Blog   Tagged ‘housing’

UMB Insights: How Will Senior Housing Look in 2037?

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Millennials may be all the rage these days, but Baby Boomers are still making an enormous impact on the U.S. economy, particularly in the senior housing market. By 2050, the population of individuals aged 65 or older will grow from 40 to 89 million, an increase of 120 percent.

And as Americans age, where and how they will live becomes a more pressing issue – an issue that will have a significant impact on the economy, construction industry and banking sector over the next 20 years.

Where will Boomers live?

Although staying in their homes is almost universally preferred among Baby Boomers, many aging Americans will transition to multi-housing developments that provide some assistance and allow them to live as independently as possible. Others, especially those with medical disabilities, will seek housing in environments that provide more intensive nursing support and other assistance.

The average age of a resident in a senior housing facility is in the ’80s. With the leading edge of Baby Boomers just now turning 70, the need for additional senior housing units is expected to accelerate over the next few decades. In fact, between 2015 and 2020, all 50 states forecast growth in the number of 75-year-old+ households. The increase in senior housing will come from sectors such as Alzheimer’s and Memory Care facilities, independent living centers, assisted living facilities, skilled nursing facilities, continuing care retirement communities, home health care and hospice care.

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What will their housing look like?

It is a common rule of thumb in the industry that Baby Boomers will typically choose a newer, more modern and home-like facility versus an older institutional facility. Therefore, the industry has moved from an institutional feel to a more home-like atmosphere, including eliminating long hallways and nursing stations and replacing them with single rooms, private baths, large rehab spaces, smaller cafeterias, snack bars, beauty salons, theater rooms and much more. As a result, when new competition hits the market and consumers choose with their feet, it becomes much harder for older facilities to maintain the occupancy levels needed to ensure financial success.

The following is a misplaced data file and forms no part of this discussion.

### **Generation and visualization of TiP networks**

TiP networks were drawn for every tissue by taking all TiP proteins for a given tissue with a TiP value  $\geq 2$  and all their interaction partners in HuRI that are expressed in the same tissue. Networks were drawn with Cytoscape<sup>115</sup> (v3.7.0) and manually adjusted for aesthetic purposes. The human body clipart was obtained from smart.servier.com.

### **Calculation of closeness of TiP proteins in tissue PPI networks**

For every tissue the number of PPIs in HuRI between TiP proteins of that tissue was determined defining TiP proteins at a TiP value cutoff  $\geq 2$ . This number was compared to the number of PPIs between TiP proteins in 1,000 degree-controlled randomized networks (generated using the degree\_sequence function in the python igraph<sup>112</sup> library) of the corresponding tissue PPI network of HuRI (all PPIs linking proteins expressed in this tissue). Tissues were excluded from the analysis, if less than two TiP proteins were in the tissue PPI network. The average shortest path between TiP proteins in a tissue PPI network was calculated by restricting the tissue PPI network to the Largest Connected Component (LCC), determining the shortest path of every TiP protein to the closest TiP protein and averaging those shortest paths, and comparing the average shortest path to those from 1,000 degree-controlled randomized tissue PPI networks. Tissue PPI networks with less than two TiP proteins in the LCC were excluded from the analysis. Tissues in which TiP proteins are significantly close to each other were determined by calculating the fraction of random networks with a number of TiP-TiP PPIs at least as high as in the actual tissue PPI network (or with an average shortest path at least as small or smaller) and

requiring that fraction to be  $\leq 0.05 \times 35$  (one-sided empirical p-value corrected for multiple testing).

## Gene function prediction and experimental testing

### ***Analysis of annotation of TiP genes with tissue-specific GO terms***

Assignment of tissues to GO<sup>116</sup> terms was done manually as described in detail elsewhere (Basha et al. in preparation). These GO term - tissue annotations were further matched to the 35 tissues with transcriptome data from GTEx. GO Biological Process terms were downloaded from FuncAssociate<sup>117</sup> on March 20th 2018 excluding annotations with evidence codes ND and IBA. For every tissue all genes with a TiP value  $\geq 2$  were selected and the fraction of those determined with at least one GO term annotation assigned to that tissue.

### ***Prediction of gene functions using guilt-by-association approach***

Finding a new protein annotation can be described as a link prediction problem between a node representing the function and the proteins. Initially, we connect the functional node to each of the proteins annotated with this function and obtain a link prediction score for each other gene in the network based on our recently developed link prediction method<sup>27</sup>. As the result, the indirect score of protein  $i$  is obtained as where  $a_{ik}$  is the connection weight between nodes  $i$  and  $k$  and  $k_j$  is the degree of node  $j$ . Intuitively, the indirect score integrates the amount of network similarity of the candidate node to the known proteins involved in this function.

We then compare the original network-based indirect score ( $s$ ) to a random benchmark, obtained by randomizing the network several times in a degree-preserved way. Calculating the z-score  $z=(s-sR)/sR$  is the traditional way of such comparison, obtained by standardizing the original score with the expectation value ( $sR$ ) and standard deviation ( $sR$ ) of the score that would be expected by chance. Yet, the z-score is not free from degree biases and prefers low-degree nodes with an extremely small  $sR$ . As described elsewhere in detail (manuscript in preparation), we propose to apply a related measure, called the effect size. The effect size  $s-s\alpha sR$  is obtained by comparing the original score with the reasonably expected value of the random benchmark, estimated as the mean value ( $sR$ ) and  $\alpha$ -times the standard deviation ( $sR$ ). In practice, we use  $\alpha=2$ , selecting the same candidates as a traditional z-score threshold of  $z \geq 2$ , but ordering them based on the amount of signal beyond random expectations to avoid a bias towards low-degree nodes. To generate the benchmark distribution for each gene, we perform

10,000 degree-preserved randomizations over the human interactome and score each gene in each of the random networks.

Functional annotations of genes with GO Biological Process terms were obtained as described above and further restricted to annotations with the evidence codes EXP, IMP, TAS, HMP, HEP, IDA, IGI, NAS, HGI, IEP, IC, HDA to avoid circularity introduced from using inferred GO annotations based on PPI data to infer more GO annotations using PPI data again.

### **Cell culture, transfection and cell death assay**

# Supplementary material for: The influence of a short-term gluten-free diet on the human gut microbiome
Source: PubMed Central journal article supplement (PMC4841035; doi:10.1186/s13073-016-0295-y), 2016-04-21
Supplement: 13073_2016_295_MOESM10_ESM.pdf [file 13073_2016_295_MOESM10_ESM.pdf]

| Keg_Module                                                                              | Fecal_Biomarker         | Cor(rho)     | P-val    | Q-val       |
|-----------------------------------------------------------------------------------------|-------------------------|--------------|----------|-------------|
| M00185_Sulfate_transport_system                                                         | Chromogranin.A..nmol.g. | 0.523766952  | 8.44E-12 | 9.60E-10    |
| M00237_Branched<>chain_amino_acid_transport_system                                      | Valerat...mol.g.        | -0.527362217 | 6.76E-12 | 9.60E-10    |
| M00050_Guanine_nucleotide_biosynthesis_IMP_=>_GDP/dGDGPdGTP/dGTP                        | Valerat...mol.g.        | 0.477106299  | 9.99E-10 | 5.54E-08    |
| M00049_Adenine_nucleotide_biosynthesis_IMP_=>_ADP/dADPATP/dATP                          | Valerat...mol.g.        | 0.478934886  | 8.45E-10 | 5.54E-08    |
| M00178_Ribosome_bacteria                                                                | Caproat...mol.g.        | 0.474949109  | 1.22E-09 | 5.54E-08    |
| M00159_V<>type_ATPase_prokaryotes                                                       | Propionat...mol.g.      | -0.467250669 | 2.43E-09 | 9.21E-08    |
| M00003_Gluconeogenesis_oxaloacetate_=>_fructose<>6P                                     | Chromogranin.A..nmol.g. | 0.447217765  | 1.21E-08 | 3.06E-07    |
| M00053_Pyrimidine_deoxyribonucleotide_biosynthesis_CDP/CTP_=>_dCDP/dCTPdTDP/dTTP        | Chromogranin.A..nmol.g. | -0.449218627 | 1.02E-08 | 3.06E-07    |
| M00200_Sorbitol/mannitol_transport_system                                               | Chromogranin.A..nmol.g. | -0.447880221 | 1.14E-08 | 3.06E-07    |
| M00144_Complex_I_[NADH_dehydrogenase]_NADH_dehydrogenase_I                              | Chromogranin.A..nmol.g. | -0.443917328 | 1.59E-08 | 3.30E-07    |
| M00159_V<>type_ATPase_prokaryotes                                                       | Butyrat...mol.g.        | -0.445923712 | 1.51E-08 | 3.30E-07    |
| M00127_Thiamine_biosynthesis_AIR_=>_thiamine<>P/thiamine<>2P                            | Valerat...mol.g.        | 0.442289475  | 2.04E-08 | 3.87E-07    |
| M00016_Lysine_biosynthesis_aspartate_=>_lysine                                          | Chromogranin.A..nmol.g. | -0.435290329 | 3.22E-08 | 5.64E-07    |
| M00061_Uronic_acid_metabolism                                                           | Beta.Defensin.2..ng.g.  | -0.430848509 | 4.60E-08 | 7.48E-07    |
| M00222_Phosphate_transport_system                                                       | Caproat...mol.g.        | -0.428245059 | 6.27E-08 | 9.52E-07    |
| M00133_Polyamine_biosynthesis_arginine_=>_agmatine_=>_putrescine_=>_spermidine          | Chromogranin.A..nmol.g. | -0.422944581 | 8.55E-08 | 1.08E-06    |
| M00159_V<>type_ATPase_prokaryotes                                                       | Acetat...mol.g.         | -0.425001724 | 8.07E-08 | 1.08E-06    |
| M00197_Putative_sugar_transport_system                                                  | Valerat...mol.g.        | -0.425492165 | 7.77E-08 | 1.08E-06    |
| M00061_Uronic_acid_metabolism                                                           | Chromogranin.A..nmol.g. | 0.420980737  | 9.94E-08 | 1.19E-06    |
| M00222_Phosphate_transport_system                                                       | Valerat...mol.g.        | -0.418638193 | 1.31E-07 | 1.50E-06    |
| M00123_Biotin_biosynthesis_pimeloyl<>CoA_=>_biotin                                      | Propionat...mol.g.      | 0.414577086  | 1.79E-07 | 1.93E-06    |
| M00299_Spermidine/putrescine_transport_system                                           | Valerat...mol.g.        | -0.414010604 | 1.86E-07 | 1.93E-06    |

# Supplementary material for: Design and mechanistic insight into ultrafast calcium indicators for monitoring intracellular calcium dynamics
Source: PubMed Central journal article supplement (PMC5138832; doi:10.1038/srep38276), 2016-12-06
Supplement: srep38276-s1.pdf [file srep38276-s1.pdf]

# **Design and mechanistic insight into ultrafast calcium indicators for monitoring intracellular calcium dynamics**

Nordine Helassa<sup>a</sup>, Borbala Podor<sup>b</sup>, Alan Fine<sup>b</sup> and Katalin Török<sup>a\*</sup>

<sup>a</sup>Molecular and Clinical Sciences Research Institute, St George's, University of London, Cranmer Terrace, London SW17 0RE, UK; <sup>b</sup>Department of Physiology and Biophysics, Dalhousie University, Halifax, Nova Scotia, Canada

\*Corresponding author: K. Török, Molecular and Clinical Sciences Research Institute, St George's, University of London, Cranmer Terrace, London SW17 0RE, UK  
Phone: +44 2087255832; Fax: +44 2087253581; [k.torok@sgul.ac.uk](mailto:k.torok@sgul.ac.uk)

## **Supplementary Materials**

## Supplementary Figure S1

How will their preferences affect the economy?

So, what does this mean for the general economy? It means that there are significant opportunities for contractors, developers and lenders that are experienced in senior housing to help owners modernize existing facilities or build new housing options for seniors. Construction for many new facilities is already underway or in the approval phases and financing continues to be readily available for developers and operators in this sector.

What are the risks?

On the flip side of this successful outlook, there are concerns and challenges that need to be monitored and addressed. Even though the senior housing industry is one of the fastest growing segments in the U.S. economy and there are many desirable lending and development opportunities, builders, developers and lenders must effectively mitigate the risks inherent in the industry.

Characteristics of the long-term care business require that successful participants maintain industry-specific knowledge and utilize best practices for each project. For the benefit of all parties involved, it is important that everyone tied to senior housing projects remain prudent and evaluate all risk related to each project. Doing so will mean a stronger economy with more housing options available for Baby Boomers of all ages.


Richard Ziegner is executive vice president and director of healthcare banking at UMB Bank where he is responsible for leading the bank’s efforts in the healthcare sector and providing capital and financial solutions to healthcare providers. He graduated from the University of Arizona in Tucson, Ariz. with a Bachelor of Science degree in finance and earned his Master of Business Administration degree from Northern Arizona University in Flagstaff, Ariz.



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Economic forecast 2016: the tortoise or the hare?

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We all know of Aesop’s fable The Tortoise and the Hare—a story of two unequal opponents who agree to a race. The outcome appears to be obvious, but in a surprising twist, the ever-so-diligent tortoise perseveres and wins the race. The moral of the story is: slow and steady wins the race.